French-Japanese fashion designer Kenzo Takada has died at the age of 81 after suffering complications from COVID-19, his family have confirmed.
The fashion icon, who was best known for his jungle-infused designs and free-spirited aesthetic, died in hospital in Neuilly-sur-Seine, near Paris, a statement in French media said on Sunday.
His family said the cause of death was due to complications stemming from COVID-19. A public relations officer for Kenzo’s brand confirmed the passing, but did not give a cause.
“It is with immense sadness that KENZO has learned of the passing of our founder,” the fashion house said in a statement.
Takada’s death came at the tail end of Paris Fashion Week, of which the nine-day calendar is undertaking an unusual fashion season for spring-summer 2021 because of the coronavirus pandemic.
It was only days ago that the Kenzo fashion house unveiled its bee-themed collection here.
Though Takada had been retired from his house since 1999 to pursue a career in art, Kenzo remains one of the most respected fixtures of high Paris fashion. Since 1993, the Kenzo brand has been owned by the French luxury goods company LVMH.
“His amazing energy, kindness, talent and smile were contagious,” said Kenzo artistic director Felipe Oliveira Baptista, who unveiled the bee-themed collection to fashion editors Wednesday. “His kindred spirit will live forever.”
Kenzo’s styles used bold colour, clashing prints and were inspired by travels all over the world.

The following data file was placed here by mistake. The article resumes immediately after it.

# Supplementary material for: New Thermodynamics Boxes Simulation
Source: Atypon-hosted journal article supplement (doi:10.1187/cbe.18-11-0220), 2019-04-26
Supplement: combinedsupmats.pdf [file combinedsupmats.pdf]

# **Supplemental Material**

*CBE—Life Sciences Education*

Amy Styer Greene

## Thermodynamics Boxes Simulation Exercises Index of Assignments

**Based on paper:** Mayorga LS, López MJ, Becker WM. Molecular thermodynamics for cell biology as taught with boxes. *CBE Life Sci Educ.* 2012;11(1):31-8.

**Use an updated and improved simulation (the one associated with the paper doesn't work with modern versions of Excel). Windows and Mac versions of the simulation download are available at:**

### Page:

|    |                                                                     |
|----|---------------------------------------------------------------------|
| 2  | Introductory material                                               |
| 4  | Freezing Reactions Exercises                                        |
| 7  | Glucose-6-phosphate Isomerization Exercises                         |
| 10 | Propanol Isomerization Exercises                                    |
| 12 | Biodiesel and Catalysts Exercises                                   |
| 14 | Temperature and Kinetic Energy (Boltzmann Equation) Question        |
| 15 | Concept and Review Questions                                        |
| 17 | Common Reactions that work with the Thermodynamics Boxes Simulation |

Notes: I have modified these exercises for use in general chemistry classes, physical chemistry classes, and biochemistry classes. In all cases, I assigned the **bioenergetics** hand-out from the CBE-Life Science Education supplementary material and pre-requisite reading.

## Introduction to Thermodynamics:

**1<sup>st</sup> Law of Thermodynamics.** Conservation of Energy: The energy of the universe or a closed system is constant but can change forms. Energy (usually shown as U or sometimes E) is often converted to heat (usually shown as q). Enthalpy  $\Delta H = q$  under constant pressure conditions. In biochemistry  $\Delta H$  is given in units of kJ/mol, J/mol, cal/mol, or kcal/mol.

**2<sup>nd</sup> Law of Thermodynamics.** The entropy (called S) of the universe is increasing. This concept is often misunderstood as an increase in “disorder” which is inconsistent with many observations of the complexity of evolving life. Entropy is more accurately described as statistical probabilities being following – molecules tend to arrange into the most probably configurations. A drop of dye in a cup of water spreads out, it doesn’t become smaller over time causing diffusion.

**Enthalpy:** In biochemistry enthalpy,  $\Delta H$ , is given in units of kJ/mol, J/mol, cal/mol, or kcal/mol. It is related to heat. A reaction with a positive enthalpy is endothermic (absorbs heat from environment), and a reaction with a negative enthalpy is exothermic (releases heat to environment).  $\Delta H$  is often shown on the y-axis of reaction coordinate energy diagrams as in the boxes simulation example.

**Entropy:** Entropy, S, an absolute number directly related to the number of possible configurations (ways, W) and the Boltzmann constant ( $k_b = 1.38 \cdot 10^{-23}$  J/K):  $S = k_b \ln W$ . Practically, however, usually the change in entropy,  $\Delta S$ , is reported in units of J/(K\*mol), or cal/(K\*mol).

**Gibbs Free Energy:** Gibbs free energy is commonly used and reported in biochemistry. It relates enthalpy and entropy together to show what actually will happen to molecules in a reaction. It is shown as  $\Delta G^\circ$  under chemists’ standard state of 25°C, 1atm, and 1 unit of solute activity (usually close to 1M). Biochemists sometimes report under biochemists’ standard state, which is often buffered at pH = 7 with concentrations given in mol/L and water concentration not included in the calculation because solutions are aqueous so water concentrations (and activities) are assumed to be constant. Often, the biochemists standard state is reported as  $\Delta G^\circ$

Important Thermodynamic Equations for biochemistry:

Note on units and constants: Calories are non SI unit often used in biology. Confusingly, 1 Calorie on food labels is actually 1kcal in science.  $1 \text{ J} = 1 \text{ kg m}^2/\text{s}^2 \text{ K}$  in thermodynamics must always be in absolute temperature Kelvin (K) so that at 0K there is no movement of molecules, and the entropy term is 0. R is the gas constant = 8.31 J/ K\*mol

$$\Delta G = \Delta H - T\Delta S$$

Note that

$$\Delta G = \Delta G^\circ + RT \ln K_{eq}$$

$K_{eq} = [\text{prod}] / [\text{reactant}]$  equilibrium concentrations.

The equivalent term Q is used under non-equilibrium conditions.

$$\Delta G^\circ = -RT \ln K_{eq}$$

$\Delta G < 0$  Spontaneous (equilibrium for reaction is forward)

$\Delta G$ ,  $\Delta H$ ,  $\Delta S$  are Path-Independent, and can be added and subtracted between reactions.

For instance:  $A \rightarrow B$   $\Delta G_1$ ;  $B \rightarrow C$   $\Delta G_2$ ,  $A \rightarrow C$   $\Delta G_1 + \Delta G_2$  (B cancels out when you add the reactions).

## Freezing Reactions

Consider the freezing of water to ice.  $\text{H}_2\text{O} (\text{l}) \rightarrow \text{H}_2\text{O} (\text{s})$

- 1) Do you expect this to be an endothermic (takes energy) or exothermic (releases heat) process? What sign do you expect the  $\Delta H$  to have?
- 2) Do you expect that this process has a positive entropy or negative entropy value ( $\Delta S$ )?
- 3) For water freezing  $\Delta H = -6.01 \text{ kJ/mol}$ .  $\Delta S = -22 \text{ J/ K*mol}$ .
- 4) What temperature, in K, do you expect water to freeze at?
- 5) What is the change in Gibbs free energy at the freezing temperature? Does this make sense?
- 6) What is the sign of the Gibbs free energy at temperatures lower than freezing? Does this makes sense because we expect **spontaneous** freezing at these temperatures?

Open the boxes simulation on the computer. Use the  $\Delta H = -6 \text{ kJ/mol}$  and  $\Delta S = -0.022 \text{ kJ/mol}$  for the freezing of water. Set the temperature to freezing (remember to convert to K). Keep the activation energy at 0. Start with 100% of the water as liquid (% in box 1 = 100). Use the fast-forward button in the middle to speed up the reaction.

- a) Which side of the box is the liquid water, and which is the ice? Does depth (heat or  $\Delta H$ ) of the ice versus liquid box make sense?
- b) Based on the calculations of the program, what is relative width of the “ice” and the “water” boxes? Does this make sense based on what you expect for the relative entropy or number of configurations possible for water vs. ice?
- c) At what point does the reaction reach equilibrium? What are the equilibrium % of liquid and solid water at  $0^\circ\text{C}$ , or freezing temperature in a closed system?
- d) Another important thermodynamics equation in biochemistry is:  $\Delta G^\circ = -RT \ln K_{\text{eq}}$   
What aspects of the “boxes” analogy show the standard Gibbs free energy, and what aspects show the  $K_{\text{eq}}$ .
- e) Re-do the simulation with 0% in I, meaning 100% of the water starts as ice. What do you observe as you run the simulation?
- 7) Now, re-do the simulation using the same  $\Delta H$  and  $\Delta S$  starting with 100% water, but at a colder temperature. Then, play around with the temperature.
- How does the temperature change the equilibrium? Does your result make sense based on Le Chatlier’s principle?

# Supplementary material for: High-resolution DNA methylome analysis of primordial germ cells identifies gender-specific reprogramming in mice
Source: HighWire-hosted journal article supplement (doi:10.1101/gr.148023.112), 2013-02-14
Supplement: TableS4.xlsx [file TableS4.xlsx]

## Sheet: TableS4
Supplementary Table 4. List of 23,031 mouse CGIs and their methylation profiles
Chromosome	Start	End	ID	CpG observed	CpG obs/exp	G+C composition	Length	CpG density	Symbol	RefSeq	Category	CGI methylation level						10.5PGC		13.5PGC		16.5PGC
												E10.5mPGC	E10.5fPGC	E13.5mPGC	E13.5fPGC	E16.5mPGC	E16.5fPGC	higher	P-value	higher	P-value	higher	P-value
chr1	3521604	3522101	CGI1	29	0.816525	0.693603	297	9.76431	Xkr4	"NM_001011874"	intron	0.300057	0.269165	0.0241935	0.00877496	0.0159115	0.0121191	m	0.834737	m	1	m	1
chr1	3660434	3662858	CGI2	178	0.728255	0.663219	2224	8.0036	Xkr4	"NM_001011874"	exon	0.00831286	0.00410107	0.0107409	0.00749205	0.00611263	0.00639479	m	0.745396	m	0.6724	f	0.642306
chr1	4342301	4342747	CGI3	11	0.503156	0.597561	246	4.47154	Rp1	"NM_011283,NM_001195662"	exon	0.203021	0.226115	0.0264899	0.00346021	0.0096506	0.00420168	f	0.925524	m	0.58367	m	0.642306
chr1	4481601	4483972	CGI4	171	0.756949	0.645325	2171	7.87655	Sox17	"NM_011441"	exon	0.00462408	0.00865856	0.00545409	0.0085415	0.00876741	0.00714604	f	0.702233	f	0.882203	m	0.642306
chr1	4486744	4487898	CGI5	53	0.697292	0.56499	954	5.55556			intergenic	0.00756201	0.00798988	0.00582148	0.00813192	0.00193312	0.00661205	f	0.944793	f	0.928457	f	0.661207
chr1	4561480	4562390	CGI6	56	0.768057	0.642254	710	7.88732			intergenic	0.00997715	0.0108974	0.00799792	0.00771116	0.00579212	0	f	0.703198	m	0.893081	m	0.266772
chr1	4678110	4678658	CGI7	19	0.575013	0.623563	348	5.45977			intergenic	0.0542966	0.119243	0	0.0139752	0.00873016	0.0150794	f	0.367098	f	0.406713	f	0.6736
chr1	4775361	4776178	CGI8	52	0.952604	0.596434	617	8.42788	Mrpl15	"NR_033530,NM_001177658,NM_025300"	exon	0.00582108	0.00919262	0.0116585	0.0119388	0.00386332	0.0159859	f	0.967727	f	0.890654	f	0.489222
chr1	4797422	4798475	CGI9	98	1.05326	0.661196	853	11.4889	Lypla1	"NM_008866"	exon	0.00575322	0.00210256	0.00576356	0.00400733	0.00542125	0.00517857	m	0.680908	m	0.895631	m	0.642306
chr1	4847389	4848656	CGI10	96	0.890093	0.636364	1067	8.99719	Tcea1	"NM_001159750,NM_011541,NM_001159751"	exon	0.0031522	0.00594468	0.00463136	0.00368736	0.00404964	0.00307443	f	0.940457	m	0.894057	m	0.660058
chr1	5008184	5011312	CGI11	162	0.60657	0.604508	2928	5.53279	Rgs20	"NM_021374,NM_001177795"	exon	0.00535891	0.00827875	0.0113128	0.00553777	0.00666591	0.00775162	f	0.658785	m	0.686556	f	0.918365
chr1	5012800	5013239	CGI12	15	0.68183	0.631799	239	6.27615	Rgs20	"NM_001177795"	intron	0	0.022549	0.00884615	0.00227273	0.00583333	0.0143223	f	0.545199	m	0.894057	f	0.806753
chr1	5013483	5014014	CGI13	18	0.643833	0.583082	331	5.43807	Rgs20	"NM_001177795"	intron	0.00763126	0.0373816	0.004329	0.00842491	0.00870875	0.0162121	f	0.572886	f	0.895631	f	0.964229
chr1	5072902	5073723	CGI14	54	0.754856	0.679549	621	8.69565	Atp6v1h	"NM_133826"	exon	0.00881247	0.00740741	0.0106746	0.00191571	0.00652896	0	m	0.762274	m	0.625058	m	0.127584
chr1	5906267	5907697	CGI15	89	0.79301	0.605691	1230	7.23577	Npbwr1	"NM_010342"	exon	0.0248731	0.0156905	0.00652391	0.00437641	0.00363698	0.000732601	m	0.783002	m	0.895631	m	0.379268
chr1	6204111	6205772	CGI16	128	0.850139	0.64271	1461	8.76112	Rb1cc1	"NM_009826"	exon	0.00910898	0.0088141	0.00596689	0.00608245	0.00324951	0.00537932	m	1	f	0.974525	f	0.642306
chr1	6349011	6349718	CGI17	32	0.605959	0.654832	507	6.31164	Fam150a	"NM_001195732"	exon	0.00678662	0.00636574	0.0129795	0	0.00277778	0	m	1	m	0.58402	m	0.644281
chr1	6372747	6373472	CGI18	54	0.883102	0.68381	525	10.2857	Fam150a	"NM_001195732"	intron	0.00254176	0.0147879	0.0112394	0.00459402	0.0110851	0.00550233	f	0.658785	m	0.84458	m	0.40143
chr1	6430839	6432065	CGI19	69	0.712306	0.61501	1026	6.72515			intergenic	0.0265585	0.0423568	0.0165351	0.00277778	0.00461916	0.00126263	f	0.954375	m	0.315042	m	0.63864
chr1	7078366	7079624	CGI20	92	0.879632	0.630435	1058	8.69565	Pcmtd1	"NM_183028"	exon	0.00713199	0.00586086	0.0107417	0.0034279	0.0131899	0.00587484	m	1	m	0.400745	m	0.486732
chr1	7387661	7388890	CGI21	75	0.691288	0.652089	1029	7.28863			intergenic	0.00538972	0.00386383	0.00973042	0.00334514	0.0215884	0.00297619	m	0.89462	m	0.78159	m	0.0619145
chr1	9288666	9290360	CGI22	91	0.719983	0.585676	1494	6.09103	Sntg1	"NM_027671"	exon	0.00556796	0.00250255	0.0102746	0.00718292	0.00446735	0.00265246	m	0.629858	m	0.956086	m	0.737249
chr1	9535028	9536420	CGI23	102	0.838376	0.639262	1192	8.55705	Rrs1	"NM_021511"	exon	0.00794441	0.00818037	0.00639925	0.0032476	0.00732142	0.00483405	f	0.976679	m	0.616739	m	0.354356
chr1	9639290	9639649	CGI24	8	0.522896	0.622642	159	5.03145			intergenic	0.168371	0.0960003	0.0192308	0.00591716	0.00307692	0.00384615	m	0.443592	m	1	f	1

“Kenzo Takada has, from the 1970s, infused into fashion a tone of poetic lightness and sweet freedom which inspired many designers after him,” said Bernard Arnault, chairman and chief executive of LVMH.
Takada was born on February 27, 1939, in Himeji, in the Hyogo Prefecture in Japan to hoteliers, but after reading his sisters’ fashion magazines his love of fashion began.
Studying at the Bunka College of Fashion in Tokyo, Kenzo Takada had a brief stint working in Japan, before relocating to Paris in 1965, to work as a freelance designer.
In Paris, he took over a boutique in 1970 and crystallised his future ready-to-wear aesthetic inspired in its decoration by the jungle scenes of painter Henri Rousseau, which he merged with Asian styles. It became influential.
But it was lowly beginnings: Takada’s first collection at the store was made entirely out of cotton because he had little money. But the clothes spoke for themselves and a model of his was put on the cover of Elle magazine.
A short time after, pioneering shoulder forms, large armholes, dungarees, smock tent dresses, innovative shoulder shapes, and his store was featured in US Vogue. Kenzo showed collections in New York and Tokyo in 1971.
Yves Saint Laurent was an important inspiration in his work, according to Takada himself, who also shared Saint Laurent’s penchant for theatrics. In 1978 and 1979, he showed in a circus tent, which featured him riding an elephant alongside performers riding horses in see-through uniforms.
Takada’s love of travel and use of ethnic influences were strong features in his three decades atop his house.
His contribution to style was significant. He championed a youthful aesthetic and unstructured form, and did away with zips to liberate silhouettes. His signatures were of wider sleeves and arm holes, that harked to historic styles in his home continent of Asia.